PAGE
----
“This isn’t exactly a selfie. I shot the photo. We brought a group of 11— four staff and seven top-performing students pictured here — from all across Europe. The students are (standing l–r): Kerstin Hampusson, Sweden; Nelson Yanowitz, France; Chris Chatzisavvas, U.K.; Jonas Leupe, Belgium; Frank Lin, Germany; Beatriz Ibeas-Martinez, Spain. Kneeling: Christian Lunde, Sweden. This conference was a fantastic experience for all of us, and the things we learned were invaluable. From pairing creativity with data to the need for critiques during the design process, we’ll be getting started with our newfound knowledge straightaway.

“It was my first time to New York and nearly all of the students’ first time too. Every one of us fell in love with the city: the buzz, the style. The students never had their cameras down. They were constantly finding great shots and moments of inspiration. I personally would love to live in New York; maybe Adobe’s NY office needs a new marketer ;).”

: : :Alvaro CeballosFilmmaker, documentary photographer, Dominican RepublicRecent Pratt Institute graduate in film, now living in the Bronx

“The biggest takeaway for me from 99U is that we creative individuals need to master our own craft and intentionally [choose] our clients. We need to prepare ourselves for the best and expect the worst. If a project does not work out as planned, we can take a break, a moment to rethink, and rebuild accordingly to feedback. It is never too late to start creating what you love.”

: : :
Chris EnterCreative Director, BlueCross Blue Shield, Chattanooga, Tennessee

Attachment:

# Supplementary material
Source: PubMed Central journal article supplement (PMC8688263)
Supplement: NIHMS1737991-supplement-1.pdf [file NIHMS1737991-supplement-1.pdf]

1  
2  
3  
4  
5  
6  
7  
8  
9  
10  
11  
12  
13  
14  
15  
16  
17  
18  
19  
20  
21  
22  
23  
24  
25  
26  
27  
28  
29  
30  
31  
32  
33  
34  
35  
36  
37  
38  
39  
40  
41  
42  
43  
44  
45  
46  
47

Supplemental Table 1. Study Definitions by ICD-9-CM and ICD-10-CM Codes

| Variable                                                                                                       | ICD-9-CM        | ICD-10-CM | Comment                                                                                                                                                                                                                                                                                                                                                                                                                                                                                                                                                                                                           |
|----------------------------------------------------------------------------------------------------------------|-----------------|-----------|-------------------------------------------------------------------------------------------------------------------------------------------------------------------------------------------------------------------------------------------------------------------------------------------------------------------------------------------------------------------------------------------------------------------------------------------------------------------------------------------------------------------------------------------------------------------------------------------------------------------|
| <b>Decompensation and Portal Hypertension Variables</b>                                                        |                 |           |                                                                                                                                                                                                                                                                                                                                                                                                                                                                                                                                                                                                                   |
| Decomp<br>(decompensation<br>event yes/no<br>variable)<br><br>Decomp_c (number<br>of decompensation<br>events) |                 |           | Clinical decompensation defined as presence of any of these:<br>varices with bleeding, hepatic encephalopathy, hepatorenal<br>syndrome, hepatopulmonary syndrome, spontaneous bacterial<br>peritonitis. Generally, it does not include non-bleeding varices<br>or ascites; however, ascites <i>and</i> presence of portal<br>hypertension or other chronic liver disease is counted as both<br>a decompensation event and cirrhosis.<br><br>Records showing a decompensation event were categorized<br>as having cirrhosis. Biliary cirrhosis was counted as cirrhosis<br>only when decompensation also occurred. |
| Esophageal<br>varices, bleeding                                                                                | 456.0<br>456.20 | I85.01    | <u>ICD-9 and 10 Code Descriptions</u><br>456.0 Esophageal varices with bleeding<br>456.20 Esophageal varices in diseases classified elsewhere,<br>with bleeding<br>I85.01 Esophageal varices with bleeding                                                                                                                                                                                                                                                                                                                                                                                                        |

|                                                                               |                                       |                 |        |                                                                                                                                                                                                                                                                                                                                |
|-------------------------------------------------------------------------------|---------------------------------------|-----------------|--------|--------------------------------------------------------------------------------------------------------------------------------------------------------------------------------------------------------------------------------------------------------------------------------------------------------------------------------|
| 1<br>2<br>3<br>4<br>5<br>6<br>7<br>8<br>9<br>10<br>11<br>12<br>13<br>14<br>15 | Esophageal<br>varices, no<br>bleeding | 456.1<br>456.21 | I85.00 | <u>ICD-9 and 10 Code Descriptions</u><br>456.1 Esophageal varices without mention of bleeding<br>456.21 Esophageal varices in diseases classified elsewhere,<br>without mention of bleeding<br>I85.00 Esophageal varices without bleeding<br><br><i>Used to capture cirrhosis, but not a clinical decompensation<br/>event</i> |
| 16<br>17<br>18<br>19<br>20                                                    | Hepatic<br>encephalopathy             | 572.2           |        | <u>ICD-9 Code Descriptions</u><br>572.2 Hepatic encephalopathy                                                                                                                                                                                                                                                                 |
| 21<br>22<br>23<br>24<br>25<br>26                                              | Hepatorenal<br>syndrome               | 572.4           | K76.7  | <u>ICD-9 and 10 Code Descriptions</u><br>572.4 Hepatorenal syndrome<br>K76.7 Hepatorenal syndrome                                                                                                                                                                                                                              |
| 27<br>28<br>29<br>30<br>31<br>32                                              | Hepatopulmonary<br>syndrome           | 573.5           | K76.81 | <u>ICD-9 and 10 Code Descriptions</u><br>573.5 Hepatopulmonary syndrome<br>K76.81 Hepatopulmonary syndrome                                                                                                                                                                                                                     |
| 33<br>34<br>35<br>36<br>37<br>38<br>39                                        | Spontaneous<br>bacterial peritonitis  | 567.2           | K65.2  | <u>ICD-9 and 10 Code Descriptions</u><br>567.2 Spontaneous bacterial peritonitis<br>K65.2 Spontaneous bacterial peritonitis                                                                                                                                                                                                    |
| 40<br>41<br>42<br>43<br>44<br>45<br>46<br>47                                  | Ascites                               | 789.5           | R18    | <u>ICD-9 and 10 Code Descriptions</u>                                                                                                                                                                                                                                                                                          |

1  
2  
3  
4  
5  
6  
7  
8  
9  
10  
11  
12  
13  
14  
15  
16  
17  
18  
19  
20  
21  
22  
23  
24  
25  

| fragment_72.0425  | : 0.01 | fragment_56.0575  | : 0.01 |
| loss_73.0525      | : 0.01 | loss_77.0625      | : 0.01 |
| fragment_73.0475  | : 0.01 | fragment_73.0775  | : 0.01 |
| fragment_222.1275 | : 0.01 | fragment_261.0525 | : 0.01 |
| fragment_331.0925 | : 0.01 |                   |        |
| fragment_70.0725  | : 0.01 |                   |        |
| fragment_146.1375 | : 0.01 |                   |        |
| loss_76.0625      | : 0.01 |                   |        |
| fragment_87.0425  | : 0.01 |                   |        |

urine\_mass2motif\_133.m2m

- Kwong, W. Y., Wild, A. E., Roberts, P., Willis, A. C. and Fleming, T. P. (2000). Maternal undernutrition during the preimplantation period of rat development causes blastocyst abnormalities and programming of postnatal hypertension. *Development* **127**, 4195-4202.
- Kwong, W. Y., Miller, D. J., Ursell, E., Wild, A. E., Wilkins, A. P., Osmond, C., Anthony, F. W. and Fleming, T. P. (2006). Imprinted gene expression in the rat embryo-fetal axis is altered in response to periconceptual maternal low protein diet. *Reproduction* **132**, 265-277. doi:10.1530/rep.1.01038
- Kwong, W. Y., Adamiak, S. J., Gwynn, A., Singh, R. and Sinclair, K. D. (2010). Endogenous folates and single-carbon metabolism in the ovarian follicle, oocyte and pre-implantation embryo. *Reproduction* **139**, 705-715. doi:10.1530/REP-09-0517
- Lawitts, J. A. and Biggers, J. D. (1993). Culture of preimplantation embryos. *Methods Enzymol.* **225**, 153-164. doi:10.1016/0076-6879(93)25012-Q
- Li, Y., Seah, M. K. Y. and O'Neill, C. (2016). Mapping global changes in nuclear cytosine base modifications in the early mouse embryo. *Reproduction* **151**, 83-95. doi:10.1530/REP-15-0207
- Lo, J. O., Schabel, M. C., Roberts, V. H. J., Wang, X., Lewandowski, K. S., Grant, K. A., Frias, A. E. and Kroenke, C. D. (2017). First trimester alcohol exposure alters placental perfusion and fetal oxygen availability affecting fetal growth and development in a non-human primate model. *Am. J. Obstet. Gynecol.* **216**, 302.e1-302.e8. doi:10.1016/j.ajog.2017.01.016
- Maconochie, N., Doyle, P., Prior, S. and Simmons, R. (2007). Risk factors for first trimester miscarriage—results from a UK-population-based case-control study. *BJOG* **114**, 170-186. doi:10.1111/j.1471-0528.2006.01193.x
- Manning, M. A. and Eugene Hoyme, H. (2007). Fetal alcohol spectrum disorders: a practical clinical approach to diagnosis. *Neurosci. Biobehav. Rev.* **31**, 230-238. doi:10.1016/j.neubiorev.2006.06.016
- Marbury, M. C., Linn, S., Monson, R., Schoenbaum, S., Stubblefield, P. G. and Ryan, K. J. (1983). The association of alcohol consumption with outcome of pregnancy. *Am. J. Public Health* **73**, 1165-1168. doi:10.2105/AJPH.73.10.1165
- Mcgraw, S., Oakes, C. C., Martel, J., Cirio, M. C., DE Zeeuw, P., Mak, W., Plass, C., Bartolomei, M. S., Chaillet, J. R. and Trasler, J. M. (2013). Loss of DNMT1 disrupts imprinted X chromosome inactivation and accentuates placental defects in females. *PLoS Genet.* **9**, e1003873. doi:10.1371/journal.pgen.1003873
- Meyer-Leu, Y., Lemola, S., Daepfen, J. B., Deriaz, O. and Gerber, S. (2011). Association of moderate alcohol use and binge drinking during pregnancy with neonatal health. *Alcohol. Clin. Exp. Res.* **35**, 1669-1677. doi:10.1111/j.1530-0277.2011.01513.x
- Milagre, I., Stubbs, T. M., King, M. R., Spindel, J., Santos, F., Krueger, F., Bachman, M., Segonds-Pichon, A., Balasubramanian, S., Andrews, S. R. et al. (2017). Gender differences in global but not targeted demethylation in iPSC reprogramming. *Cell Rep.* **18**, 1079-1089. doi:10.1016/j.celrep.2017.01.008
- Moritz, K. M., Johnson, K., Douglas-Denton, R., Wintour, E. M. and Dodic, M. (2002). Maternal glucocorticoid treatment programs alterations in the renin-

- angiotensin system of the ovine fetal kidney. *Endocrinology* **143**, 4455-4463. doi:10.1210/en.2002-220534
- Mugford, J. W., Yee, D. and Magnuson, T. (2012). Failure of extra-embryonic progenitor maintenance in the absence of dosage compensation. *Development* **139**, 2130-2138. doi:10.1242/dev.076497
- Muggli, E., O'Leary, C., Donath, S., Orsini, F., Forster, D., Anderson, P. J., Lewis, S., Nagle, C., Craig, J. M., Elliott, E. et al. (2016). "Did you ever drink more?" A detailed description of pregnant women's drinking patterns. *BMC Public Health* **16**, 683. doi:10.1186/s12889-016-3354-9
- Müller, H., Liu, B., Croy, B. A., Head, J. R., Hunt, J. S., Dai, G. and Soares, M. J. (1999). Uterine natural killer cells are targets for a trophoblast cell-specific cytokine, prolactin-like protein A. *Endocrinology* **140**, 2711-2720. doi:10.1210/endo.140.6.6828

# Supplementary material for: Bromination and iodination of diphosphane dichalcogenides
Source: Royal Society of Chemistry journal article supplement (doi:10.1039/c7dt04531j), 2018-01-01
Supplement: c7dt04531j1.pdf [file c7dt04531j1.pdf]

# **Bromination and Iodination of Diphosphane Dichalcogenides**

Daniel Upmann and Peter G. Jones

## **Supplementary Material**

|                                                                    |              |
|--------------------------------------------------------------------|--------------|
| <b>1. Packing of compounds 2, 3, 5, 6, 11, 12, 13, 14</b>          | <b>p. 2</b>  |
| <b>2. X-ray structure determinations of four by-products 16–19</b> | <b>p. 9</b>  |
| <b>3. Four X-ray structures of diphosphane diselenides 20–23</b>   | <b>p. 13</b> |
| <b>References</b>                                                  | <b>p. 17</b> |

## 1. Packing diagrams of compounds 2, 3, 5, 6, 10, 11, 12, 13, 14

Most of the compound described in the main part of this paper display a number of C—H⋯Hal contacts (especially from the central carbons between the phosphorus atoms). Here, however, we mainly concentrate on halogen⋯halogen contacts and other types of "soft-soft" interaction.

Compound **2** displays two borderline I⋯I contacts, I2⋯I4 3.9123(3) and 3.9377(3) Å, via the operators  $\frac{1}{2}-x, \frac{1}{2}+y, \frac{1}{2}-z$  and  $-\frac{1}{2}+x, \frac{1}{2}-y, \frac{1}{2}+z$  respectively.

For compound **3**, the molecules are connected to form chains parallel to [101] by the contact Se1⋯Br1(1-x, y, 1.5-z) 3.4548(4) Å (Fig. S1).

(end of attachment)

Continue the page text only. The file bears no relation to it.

“In the age of ‘human-centered design,’ speaker Liz Jackson brought new light to the subject of how we should look at people with disabilities. It should really be called ‘disability-centered design.’ If products, including digital products and the web, are not designed with the disabled in mind, then whom are we designing for? Liz’s talk opened a new perspective that I hope to bring to BlueCross BlueShield of Tennessee. We are a healthcare company, and we’ve always shown images of healthy, happy people. Why not people in wheelchairs, with walker, casts or canes? As head of design, I hope to bring new insights to the use of photography and thought process within design.”

: : :Dovile JanuleProduct Designer, UX/UI designer at Zendesk, Copenhagen

“I’m here looking for new ideas, improving methods, not being in the box we are in every single day. This exciting and inspiring conference left me with the warm feeling and a bunch of good ideas that are hopefully here to stay. The list of speakers was one of the main reasons why I decided to use my yearly budget and come to New York. To hear how Ian Spalter thinks, to see Debbie Millman in the flesh, and to be inspired by Mike Perry was something I could not miss. But there were also a few very pleasing surprises.”

: : :Andrej KtitarevAJ&Smart, Berlin

“We are an agency/studio/team that runs design sprints, which are an extremely effective, structured four-day process of coming up with solutions for problems of all kinds of companies. It doesn’t matter if it’s an app, a website, a physical product or a virtual-reality thing. I wore a crown throughout the conference because I am The King of Product Design. As such, The King was very delighted meeting so many new people at the 99U and made a lot of friends. The conference taught The King that design is not just about making things pretty, but actually making them useful and making people happy. The King will now consider spending less time being pretty and more on becoming good on the inside. I knew that already, though.”

: : :Bailey ParnellFounder & CEO, SkillsCamp, Ontario, Canada